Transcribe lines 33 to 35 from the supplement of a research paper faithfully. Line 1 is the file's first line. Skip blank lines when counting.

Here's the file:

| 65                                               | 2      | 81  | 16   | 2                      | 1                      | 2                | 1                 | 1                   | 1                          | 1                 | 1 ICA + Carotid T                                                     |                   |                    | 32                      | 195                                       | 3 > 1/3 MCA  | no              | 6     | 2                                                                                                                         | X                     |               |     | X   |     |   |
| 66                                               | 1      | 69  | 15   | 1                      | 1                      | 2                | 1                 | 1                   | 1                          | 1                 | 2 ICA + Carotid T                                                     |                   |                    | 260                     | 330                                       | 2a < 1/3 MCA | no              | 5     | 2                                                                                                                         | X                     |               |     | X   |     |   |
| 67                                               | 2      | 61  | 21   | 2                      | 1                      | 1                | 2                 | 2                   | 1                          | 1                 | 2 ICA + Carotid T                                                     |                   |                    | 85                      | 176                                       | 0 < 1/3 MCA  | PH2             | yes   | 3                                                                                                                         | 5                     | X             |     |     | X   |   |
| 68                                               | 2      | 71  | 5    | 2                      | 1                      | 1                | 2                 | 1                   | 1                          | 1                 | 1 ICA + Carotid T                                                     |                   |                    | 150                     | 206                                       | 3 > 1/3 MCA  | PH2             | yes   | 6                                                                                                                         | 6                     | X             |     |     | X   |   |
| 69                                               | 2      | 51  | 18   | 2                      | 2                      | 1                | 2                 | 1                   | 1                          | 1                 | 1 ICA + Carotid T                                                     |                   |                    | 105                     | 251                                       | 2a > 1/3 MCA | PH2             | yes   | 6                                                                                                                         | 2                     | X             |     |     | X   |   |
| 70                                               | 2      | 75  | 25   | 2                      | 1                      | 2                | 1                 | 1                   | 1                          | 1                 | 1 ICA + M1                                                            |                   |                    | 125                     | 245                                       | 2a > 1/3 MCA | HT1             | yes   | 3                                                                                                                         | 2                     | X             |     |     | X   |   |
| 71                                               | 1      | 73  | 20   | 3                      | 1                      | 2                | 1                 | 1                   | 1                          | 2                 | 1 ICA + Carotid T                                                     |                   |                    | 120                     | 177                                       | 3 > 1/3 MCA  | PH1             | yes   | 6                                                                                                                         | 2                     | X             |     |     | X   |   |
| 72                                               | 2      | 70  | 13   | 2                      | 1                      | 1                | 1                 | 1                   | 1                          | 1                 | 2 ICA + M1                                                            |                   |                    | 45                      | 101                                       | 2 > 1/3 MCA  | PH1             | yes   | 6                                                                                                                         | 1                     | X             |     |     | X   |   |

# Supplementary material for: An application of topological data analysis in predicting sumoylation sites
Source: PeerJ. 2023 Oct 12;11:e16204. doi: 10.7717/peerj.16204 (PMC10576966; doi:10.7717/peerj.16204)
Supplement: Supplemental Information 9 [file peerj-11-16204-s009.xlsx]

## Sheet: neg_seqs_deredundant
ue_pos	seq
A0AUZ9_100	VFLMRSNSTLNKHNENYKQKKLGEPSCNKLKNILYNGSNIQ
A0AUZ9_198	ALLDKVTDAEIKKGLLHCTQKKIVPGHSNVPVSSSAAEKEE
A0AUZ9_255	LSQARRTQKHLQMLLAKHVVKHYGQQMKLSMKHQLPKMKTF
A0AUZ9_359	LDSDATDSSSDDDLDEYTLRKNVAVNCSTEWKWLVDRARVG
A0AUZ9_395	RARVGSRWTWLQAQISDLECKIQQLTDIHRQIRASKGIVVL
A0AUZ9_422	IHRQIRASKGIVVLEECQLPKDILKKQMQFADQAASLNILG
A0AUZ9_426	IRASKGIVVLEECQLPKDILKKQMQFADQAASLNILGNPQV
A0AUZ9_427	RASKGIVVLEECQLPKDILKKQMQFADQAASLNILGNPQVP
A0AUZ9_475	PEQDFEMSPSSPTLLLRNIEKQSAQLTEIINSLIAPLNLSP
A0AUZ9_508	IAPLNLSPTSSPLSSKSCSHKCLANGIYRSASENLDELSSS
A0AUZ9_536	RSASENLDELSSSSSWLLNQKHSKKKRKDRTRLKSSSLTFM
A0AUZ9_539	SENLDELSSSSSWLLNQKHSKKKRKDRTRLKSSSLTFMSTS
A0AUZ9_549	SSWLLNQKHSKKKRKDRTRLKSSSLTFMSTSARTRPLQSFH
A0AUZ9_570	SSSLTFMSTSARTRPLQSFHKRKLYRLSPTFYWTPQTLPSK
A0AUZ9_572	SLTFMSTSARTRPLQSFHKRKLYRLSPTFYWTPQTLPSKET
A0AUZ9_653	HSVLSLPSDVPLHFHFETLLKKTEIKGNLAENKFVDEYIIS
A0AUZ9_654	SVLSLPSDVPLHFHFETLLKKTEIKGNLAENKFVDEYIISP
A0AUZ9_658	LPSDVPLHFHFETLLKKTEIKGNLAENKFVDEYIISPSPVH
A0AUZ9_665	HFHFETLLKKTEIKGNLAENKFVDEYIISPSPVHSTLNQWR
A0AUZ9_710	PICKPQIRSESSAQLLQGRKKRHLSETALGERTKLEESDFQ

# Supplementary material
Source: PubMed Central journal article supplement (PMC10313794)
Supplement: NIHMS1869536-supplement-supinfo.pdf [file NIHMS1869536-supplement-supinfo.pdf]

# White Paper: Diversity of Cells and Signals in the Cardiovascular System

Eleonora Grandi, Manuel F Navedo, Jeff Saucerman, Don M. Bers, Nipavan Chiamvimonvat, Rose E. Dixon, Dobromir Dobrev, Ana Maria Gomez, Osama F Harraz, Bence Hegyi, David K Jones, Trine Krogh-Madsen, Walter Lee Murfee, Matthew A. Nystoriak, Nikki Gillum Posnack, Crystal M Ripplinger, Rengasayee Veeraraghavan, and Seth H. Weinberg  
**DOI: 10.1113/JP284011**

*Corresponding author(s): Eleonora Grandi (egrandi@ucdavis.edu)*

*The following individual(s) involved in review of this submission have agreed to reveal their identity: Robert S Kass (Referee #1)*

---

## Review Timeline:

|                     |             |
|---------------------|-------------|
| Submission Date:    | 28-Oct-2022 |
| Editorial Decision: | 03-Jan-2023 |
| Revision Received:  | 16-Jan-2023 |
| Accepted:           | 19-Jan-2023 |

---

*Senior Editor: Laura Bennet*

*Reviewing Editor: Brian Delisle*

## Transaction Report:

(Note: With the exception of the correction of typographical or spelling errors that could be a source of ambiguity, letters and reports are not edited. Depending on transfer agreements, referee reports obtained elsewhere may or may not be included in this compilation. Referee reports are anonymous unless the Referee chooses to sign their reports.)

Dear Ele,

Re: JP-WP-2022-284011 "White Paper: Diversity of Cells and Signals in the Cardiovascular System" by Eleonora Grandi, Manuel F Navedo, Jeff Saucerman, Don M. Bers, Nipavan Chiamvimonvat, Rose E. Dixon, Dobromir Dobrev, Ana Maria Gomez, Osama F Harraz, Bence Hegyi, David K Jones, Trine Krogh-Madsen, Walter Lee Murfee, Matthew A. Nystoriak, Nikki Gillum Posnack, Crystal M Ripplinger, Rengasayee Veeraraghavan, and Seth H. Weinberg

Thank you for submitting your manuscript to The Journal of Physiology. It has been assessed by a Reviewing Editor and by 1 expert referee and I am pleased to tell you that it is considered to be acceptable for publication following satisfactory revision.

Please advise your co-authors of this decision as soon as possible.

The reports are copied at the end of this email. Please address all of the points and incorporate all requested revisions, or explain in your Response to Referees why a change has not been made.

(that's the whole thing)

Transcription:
A0AUZ9_710	PICKPQIRSESSAQLLQGRKKRHLSETALGERTKLEESDFQ

# Supplementary material
Source: PubMed Central journal article supplement (PMC10313794)